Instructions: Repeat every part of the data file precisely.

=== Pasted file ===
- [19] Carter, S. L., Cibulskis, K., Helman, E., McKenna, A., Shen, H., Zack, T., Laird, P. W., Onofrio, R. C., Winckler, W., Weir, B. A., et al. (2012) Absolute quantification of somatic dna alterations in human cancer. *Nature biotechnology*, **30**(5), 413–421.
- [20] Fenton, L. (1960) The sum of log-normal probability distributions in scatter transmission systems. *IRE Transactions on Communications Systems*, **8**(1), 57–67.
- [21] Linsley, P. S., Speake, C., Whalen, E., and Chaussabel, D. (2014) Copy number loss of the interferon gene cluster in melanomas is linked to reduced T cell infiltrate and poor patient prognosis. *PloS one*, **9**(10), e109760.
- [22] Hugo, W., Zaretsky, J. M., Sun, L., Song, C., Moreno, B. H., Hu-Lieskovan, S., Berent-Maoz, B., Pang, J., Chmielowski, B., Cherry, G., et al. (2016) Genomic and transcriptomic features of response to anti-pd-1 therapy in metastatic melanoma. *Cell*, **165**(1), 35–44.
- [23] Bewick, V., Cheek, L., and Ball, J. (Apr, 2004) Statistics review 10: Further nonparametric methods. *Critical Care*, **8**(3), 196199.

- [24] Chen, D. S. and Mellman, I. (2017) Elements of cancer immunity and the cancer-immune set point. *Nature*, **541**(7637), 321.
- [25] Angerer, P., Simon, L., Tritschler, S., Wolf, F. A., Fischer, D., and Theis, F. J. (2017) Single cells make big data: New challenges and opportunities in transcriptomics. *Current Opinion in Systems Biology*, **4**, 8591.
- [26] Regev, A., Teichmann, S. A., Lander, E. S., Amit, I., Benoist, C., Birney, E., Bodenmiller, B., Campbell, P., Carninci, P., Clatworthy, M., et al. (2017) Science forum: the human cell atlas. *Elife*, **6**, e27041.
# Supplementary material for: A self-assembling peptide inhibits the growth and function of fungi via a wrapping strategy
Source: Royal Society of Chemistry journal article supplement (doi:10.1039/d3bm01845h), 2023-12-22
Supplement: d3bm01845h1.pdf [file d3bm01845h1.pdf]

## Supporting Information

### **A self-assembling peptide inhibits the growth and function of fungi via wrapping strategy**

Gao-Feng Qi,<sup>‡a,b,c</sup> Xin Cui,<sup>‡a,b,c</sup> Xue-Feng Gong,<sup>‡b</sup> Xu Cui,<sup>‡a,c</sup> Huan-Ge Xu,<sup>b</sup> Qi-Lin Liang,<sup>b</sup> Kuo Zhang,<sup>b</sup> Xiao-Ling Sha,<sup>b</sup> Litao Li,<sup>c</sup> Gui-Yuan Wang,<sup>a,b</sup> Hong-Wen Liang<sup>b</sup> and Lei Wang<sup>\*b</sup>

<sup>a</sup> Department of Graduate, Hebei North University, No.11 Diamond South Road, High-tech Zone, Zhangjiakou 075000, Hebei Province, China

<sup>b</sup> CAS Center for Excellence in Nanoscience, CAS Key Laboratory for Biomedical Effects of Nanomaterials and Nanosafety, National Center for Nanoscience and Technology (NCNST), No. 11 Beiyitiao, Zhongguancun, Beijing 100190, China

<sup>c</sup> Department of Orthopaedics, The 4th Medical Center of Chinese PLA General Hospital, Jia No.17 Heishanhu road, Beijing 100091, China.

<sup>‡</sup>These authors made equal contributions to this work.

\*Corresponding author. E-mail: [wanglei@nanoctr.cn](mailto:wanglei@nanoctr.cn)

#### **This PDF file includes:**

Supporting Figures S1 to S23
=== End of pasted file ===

- [19] Carter, S. L., Cibulskis, K., Helman, E., McKenna, A., Shen, H., Zack, T., Laird, P. W., Onofrio, R. C., Winckler, W., Weir, B. A., et al. (2012) Absolute quantification of somatic dna alterations in human cancer. *Nature biotechnology*, **30**(5), 413–421.
- [20] Fenton, L. (1960) The sum of log-normal probability distributions in scatter transmission systems. *IRE Transactions on Communications Systems*, **8**(1), 57–67.
- [21] Linsley, P. S., Speake, C., Whalen, E., and Chaussabel, D. (2014) Copy number loss of the interferon gene cluster in melanomas is linked to reduced T cell infiltrate and poor patient prognosis. *PloS one*, **9**(10), e109760.
- [22] Hugo, W., Zaretsky, J. M., Sun, L., Song, C., Moreno, B. H., Hu-Lieskovan, S., Berent-Maoz, B., Pang, J., Chmielowski, B., Cherry, G., et al. (2016) Genomic and transcriptomic features of response to anti-pd-1 therapy in metastatic melanoma. *Cell*, **165**(1), 35–44.
- [23] Bewick, V., Cheek, L., and Ball, J. (Apr, 2004) Statistics review 10: Further nonparametric methods. *Critical Care*, **8**(3), 196199.

- [24] Chen, D. S. and Mellman, I. (2017) Elements of cancer immunity and the cancer-immune set point. *Nature*, **541**(7637), 321.
- [25] Angerer, P., Simon, L., Tritschler, S., Wolf, F. A., Fischer, D., and Theis, F. J. (2017) Single cells make big data: New challenges and opportunities in transcriptomics. *Current Opinion in Systems Biology*, **4**, 8591.
- [26] Regev, A., Teichmann, S. A., Lander, E. S., Amit, I., Benoist, C., Birney, E., Bodenmiller, B., Campbell, P., Carninci, P., Clatworthy, M., et al. (2017) Science forum: the human cell atlas. *Elife*, **6**, e27041.
# Supplementary material for: A self-assembling peptide inhibits the growth and function of fungi via a wrapping strategy
Source: Royal Society of Chemistry journal article supplement (doi:10.1039/d3bm01845h), 2023-12-22
Supplement: d3bm01845h1.pdf [file d3bm01845h1.pdf]

## Supporting Information

### **A self-assembling peptide inhibits the growth and function of fungi via wrapping strategy**

Gao-Feng Qi,<sup>‡a,b,c</sup> Xin Cui,<sup>‡a,b,c</sup> Xue-Feng Gong,<sup>‡b</sup> Xu Cui,<sup>‡a,c</sup> Huan-Ge Xu,<sup>b</sup> Qi-Lin Liang,<sup>b</sup> Kuo Zhang,<sup>b</sup> Xiao-Ling Sha,<sup>b</sup> Litao Li,<sup>c</sup> Gui-Yuan Wang,<sup>a,b</sup> Hong-Wen Liang<sup>b</sup> and Lei Wang<sup>\*b</sup>

<sup>a</sup> Department of Graduate, Hebei North University, No.11 Diamond South Road, High-tech Zone, Zhangjiakou 075000, Hebei Province, China

<sup>b</sup> CAS Center for Excellence in Nanoscience, CAS Key Laboratory for Biomedical Effects of Nanomaterials and Nanosafety, National Center for Nanoscience and Technology (NCNST), No. 11 Beiyitiao, Zhongguancun, Beijing 100190, China

<sup>c</sup> Department of Orthopaedics, The 4th Medical Center of Chinese PLA General Hospital, Jia No.17 Heishanhu road, Beijing 100091, China.

<sup>‡</sup>These authors made equal contributions to this work.

\*Corresponding author. E-mail: [wanglei@nanoctr.cn](mailto:wanglei@nanoctr.cn)

#### **This PDF file includes:**

Supporting Figures S1 to S23